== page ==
Rejali stopped and glanced over at her friend. Preeta was also looking at the green grass striped with blue beneath them, and her smile had faded. She reached up with one hand and dragged short fingers through the brown, bristly hair that grew from her scalp down her neck.
Preeta’s voice grew softer. “I never jumped from this high.”
“Ah, you can do it.” Rejali kept her own voice level even though she could have easily sounded like Preeta. “Your people fly off the mountains.”
Her friend cast a sideways glance at her. “Your people call it falling with style.”
The reminder made Rejali smile, partly because it helped her confidence return, at least a little bit. “That’s what we’ve been doing the whole time. We got practice lower down. Now we can do it from up here.”
“Well….” Preeta looked at the grass again, and her grin returned. “You’re right. Let’s do it!”
Her friend took a step away so she could spread her arms. Her blue garments fluttered as the skin unfolded from her sides. She made a small hop, and then flung herself upward and forward.
The skin bulged and stretched as she sailed downward, and forward several meters. Her landing was marked by a soft thump and she staggered a little. Lucky Trepetti….
“I did it!” Preeta spun around to face the wall. “I even flew farther this time!”
“I knew you could!” Rejali shifted from one foot to the other. Goodness, this wall was high. She’d never be able to match the distance Preeta covered, but maybe she could stick the landing better. All she had to do was fall with style.
She took a deep breath and murmured, “Here goes.”
With a small hop, she flung herself upward and forward. She spread her arms and legs because she liked Preeta’s jumping style. And for a perfect instant she was suspended between the lavender sky above and the grassy ground below, a ring of mountains providing silent witness.
Mama’s screech reached her ears.
Rejali flinched. The unplanned motion knocked her off balance, and she landed on her left foot first. Pain jolted up that leg even as her right foot struck the ground at the wrong angle. She tumbled to the left and landed on the grass that barely cushioned the ground.
For a few seconds she couldn’t draw in any air. Both Preeta and Mama called her name, and her ankle throbbed with every beat of her heart. Just as panic started to flicker, she sucked in a thin wisp of air.
Mama dropped to her knees beside her. “Rej! Don’t move yet! Are you hurt anywhere?”
She managed another breath, but her voice was still thin. “My ankle.”
Rejali pointed toward her left foot as her throat tightened and eyes misted. No, she wasn’t going to cry in front of Preeta.
While Mama placed her hands over the injured ankle, her friend’s mom came to a halt on her other side. “Do you need my help?”
Pain jolted from her ankle again as Mama felt around it. A yelp escaped through Rejali’s gritted teeth, and the tears that welled only frustrated her more.
Mama released a loud breath before she replied, “Thank you, but at least it looks twisted and not broken.” Her gaze returned to Rejali’s face. “Are you hurt anywhere else?”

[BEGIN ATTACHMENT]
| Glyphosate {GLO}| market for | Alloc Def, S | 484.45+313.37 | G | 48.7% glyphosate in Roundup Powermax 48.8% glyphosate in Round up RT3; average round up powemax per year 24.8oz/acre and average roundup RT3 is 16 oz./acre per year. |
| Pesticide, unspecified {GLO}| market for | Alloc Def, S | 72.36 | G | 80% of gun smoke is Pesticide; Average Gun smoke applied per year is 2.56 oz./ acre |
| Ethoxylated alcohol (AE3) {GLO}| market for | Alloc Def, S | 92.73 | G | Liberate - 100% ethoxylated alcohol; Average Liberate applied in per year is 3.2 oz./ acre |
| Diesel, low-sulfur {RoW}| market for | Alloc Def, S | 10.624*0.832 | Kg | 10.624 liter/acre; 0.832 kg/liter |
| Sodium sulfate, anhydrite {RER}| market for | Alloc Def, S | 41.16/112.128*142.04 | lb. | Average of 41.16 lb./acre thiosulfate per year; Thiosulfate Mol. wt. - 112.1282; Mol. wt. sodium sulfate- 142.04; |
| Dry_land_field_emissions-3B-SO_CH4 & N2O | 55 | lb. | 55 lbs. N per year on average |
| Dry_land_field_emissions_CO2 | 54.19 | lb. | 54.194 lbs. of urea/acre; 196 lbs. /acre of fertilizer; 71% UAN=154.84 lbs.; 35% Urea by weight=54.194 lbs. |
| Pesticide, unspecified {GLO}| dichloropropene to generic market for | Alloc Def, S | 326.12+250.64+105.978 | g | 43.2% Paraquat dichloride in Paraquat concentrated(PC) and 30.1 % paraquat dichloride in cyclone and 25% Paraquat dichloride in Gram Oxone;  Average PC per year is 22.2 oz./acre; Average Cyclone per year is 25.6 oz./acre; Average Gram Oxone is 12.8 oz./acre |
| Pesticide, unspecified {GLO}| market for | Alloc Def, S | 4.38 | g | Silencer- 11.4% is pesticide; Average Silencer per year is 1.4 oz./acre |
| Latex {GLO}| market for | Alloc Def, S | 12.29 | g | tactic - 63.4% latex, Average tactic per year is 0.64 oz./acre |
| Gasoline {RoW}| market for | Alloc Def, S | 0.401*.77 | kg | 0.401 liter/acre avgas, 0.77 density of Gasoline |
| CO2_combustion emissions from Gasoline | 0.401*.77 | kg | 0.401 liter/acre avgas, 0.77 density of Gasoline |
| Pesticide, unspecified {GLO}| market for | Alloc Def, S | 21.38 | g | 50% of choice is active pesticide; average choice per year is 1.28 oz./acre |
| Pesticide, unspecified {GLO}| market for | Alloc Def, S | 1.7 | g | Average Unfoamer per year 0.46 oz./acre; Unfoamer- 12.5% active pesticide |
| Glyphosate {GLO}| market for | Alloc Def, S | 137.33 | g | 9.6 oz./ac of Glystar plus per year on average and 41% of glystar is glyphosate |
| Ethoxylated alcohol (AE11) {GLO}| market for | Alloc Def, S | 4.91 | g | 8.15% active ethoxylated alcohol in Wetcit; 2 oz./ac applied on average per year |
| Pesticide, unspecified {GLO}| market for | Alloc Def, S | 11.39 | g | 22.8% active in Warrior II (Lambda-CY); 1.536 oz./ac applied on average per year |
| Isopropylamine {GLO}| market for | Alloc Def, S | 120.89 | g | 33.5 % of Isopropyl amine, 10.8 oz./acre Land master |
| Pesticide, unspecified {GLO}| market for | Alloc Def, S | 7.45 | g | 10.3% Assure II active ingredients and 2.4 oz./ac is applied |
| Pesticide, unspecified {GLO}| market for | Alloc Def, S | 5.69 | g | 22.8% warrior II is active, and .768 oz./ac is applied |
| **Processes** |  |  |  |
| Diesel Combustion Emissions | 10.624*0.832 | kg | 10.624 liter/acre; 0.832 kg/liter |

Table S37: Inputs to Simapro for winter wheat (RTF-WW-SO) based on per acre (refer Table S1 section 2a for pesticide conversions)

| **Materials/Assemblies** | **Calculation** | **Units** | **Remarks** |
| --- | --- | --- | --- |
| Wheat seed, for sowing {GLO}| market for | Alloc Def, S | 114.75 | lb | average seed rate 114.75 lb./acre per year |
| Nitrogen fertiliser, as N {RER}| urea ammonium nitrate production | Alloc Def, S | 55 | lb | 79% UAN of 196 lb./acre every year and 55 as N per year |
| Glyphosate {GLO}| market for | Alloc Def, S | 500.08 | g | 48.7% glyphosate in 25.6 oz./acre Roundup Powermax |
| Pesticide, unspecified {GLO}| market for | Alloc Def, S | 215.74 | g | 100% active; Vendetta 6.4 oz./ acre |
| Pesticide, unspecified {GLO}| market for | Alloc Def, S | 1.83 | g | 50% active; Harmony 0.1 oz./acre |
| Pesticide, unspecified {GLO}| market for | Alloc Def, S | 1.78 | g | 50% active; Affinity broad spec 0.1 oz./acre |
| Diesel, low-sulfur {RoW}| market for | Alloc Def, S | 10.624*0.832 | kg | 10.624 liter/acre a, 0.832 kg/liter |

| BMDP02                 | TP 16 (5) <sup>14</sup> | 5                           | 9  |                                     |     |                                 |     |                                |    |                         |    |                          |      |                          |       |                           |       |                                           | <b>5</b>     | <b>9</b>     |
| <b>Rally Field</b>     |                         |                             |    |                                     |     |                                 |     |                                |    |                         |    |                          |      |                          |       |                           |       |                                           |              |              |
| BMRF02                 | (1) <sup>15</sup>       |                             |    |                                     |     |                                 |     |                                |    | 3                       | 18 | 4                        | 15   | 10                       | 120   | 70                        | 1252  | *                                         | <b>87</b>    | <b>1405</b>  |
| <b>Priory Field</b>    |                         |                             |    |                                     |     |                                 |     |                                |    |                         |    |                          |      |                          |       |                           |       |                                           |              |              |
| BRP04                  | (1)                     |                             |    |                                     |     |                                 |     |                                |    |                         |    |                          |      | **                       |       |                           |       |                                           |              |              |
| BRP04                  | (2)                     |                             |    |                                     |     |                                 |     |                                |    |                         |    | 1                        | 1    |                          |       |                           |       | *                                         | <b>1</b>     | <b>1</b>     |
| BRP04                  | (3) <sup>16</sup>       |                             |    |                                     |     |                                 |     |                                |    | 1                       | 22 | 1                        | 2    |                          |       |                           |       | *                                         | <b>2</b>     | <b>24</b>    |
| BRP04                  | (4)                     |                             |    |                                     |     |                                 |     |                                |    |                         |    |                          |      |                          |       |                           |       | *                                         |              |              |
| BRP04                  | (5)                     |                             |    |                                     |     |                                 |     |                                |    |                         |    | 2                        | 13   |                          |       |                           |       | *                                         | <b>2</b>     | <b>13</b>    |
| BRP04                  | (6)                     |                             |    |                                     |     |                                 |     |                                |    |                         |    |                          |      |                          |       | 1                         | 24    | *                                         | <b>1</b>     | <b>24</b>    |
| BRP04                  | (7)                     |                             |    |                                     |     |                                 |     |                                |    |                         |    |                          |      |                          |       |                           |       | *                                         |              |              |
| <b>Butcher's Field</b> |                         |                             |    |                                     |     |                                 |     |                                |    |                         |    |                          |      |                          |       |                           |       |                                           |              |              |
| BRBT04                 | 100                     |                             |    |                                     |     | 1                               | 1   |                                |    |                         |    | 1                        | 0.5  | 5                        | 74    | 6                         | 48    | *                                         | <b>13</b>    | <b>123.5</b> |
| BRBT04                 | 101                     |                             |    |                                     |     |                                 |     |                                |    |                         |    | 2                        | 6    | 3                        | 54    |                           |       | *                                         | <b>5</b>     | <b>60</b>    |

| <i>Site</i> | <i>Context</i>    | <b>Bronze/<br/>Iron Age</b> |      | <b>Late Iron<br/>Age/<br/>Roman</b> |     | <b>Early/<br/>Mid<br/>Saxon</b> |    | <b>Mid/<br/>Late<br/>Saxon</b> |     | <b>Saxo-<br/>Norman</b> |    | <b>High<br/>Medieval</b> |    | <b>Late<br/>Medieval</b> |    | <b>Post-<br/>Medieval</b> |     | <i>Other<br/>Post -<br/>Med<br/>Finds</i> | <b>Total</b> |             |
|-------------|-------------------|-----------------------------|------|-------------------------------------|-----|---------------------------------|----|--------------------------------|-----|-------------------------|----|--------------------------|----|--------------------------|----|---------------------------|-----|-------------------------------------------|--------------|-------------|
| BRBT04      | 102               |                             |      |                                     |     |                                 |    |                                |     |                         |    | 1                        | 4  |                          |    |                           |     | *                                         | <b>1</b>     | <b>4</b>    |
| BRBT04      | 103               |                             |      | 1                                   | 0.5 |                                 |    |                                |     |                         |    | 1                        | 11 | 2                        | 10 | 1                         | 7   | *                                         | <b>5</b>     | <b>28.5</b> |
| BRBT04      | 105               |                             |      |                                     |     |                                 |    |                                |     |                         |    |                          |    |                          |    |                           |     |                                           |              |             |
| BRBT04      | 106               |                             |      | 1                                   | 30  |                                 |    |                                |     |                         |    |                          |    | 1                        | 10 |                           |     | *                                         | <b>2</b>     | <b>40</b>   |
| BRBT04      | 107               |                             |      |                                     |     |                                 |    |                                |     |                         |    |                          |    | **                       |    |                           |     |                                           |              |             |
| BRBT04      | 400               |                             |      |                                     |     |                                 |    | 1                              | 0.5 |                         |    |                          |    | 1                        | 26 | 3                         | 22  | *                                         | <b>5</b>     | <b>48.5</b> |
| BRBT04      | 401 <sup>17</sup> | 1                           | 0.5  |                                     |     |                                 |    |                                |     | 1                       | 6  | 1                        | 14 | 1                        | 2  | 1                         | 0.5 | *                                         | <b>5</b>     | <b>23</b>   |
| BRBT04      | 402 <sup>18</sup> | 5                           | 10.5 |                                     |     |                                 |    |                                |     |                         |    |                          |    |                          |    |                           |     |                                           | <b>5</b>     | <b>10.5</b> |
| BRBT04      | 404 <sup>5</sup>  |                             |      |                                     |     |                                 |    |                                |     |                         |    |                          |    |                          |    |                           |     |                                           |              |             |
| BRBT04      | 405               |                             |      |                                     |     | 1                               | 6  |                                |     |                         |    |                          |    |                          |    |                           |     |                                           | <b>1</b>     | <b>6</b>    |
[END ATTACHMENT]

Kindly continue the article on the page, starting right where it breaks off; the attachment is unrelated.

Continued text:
“No.” Her voice still squeaked. “Maybe. I couldn’t breathe.” She dragged her arm across her nose so it wouldn’t drip.
“I’m surprised it’s not worse.” Mama stroked her fingers once through Rejali’s curls as she glanced toward Preeta’s mother. “Thank heaven, she’ll be all right.”
“I thought humans were too delicate for such heights,” Preeta’s mom replied. “Such a relief it’s not more serious. I’m sorry, Anwen. We’ll have a discussion with Preeta.”
That could only lead to boring grownup talk, and Rejali looked over at her friend. Preeta stood beside her mother, eyes wide.
“It’s not your fault.” Rejali’s ankle continued to throb, and her voice remained squeaky. “I wanted to go on top.”
Preeta’s head tilted to one side. “I thought you could do it.”
And Rejali would have, too, if Mama hadn’t broken her concentration. She remembered those days of feeling weak, when just walking was a challenge. When her strength finally began to return a little each day, she pushed herself to the limit because it helped her grow stronger. After all, life was much more fun this way.
After a round of farewells, Preeta and her mom left, and Mama scooped Rejali up in her arms to carry her.
“I can walk.” She squirmed.
“You’ll be limping for a while.” Mama switched to speaking Esperanto as her arms tightened. “Rejali, you must stop being such a daredevil.”
She was in trouble when Mama called her that instead of Rej.
“The doctors said keep trying harder things.” She also switched to their common language.
Mama exhaled, and carried her toward the house. “They didn’t say to try and break your neck.” Her voice dropped to a grumble. “So this is what happens with the most perfect match they’d ever seen.”
Rejali frowned. “What match?”
“You’re still too young to understand. Just remember, you can run and play like all the other children now, so you don’t need to push anymore. We’ll take care of that ankle when we get home – and find out what your brother’s been up to instead of keeping an eye on you.”
She didn’t want to cry in front of him, either. Rejali pressed her lips together and tried to ignore her sore ankle. Was Mama right? Now that she was no longer so tender, should she stop trying to see how far she could go with her reclaimed strength?
That didn’t sound like any fun.
So here is this month’s contribution to #BlogBattle, and the word this time is Tender. Don’t miss out — be sure to check in on the other submissions!